West of England Election 2021

West of England Elections: what could happen on 2021’s ‘Super Thursday’

Mass UK elections during a global pandemic.  A Prime Minister fully recovered from the infection which has killed tens of thousands and who leads the Government to a strong performance at the ballot box. Labour only slightly increasing the number of seats it holds across the country. 

A summary of the election results for ‘Super’ Thursday 6 May 2021? No – the election was 1918. Spanish Flu was the pandemic, David Lloyd George the PM and the Labour Party were only just starting to gain traction with the electorate. But the 1918 pandemic was subject to a media blackout and did not have much impact on the election.  

A century on, this pandemic is having a fundamental impact on voting behaviour. Professor Paul Whiteley, of the University of Essex, conducted recent research on local election impacts and suggested: “People are focusing on the national issue – the Covid-19 pandemic – and not so much on their local authorities. Local issues will be pushed into the background.”  

But what other key factors are going to shape the outcome of the West of England’s four elections? 

Bristol’s turnout: the key to Labour’s double success? 

The result of the West of England Combined Authority (WECA) Mayor election is likely to hinge on the turnout in Bristol City Council’s (BCC) Mayoral/ Local councillor elections. Last time, the BCC 2016 turnout was approaching 45%. 

In 2017, only the WECA election took place. Overall turnout was 29.7%. In Bristol, the figure was 31%. In 2021, the Bristol WECA turnout could accelerate because of the postponed local elections taking place on the same day.  

Should any turnout differential emerge between Labour-leaning Bristol compared to B&NES and South Gloucestershire (where the Tories came 1st last time) this could eat into the Conservative’s 3.2% majority over Labour. The result being an even closer election than in May 2017. 

But the challenge for Labour in Bristol is to generate the conditions for a high turnout of supporters akin to 2016. With no George Ferguson-type figure to target, how does Mr Rees generate the interest and voter support to drive Labour’s turnout to 2016 levels? 

There is also a question mark over turnout levels for two key groups in Labour’s voter base. A recent poll by Hope Not Hate, a political action campaign group, and the National Education Union, revealed that a quarter of people are less likely to attend a polling station due to Covid-19, with the rate of hesitancy almost doubling among Black, Asian and Minority Ethnic Groups, and younger people.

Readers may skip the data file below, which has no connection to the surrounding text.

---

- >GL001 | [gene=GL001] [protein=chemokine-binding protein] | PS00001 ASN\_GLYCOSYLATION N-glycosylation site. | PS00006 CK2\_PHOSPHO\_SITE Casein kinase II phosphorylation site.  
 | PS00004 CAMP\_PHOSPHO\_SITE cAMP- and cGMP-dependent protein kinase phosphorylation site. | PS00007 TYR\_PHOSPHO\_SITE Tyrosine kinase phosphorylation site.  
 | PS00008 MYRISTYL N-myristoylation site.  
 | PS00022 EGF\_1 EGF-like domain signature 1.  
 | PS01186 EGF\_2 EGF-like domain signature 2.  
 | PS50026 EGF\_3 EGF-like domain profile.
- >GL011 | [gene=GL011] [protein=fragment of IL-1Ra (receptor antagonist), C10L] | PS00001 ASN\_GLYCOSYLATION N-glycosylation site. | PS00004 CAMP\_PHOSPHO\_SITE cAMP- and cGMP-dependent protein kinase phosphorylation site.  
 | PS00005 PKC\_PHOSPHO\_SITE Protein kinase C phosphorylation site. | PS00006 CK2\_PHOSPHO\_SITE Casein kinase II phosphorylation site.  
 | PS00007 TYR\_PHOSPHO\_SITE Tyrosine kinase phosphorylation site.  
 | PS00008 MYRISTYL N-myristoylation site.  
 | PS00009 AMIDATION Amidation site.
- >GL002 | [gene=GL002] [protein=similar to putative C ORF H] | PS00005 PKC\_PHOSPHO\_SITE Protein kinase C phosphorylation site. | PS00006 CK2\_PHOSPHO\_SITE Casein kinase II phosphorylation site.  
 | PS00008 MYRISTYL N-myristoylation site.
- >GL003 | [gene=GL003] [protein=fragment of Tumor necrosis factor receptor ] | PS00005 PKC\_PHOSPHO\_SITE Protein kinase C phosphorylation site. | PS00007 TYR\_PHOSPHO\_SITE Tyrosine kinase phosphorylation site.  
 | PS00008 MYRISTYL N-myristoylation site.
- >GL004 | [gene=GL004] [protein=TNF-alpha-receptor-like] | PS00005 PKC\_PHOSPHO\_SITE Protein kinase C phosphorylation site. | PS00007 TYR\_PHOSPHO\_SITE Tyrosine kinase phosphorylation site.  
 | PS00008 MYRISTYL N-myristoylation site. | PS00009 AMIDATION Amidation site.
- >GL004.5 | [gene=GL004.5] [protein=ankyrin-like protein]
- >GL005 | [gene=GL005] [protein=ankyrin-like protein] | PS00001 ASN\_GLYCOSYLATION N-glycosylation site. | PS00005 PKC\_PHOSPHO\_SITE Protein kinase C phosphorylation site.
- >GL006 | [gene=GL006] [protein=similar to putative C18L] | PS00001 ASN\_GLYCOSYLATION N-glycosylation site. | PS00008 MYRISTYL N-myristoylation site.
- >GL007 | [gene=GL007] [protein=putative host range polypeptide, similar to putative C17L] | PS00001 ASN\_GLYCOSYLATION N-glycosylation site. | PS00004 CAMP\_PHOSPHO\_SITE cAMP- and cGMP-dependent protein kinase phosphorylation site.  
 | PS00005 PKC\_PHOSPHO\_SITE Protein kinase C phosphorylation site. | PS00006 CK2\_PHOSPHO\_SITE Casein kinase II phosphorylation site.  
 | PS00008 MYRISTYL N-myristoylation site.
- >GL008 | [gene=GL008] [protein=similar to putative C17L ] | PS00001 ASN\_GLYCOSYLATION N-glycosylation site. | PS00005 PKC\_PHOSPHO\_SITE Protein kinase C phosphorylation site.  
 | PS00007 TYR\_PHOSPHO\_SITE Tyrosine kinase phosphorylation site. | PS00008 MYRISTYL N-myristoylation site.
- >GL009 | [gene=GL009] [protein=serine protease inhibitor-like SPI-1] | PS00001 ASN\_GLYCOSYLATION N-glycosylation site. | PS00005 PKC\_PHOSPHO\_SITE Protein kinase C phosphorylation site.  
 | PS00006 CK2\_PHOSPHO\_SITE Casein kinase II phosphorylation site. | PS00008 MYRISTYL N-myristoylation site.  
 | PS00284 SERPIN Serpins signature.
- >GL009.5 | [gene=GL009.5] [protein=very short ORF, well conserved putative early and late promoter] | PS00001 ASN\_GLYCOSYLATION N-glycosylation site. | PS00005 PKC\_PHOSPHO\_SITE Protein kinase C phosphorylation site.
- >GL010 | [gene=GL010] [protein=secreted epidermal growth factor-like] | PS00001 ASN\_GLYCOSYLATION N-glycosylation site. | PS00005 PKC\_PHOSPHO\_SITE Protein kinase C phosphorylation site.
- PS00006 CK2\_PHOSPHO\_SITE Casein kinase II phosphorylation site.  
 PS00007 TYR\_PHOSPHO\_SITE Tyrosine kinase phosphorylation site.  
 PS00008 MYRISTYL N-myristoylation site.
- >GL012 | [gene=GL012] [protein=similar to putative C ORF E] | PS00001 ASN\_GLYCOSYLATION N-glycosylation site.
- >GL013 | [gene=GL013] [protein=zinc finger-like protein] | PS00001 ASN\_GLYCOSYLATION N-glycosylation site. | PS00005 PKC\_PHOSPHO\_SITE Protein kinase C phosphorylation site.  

Will the city’s usual student population of c.20,000 be around to vote? Covid-19 means that university teaching methods are remote in many cases.  

Votes going begging – but to who?   

Both BCC and WECA elections saw significant votes for Independent candidates – George Ferguson in Bristol and John Savage for WECA. Neither are standing in 2021. For BCC, Mr. Ferguson amassed 32,375 votes in 2016. Could these ‘new votes in play’ impact on the Bristol Mayoral result on 6 May? 

Even if we hypothetically add all those votes to the votes cast for the 3rd place challenger in 2016, Conservative Charles Lucas, there is still not enough to overtake the 1st round tally accumulated by Mr. Rees – if a 45% turnout is maintained. 

However, Mr. Ferguson secured a similar number of votes on a much lower turnout of 28% at his election in 2012. Perhaps these votes may scatter rather than moving en masse to a single candidate. The uphill battle for the Tories, Lib-Dems and Greens to defeat Labour continues. 

But the situation for WECA could be crucial. John Savage, a former Labour political candidate, secured 15% of 1st round votes in 2017. In a race where the gap between Conservative and Labour was just 5.1%, the destination of these now lost votes may shape the result.  

Bristol councillor ‘churn-out’ 

Labour swept most of what was in front of them in the 2016 BCC elections. Those councillors from other party groups who were re-elected mainly had strong incumbency through local popularity and name recognition.

In 2021, the number of councillor retirements is extremely high. Some, like former councillors Paul Smith and Harriet Bradley, have already left the scene. In total, some 19 councillors are standing down from representing Labour – about half the 2016 intake. 

In some wards, the loss of this ‘incumbency advantage’ opens a path for other parties to win. Even if Labour win the Mayoralty, they may not enjoy a majority of councillors in the council chamber. This has ramifications. In particular on new homes and other developments where a Labour Mayor has control over policy, but another party holds a majority on the planning committees. 

As the election progresses, we will be exploring other critical aspects of this once in a lifetime ‘super’ set of elections with so much at stake for all the political parties on a single ‘Super’ Thursday. 

James Hinchcliffe Strategic Director


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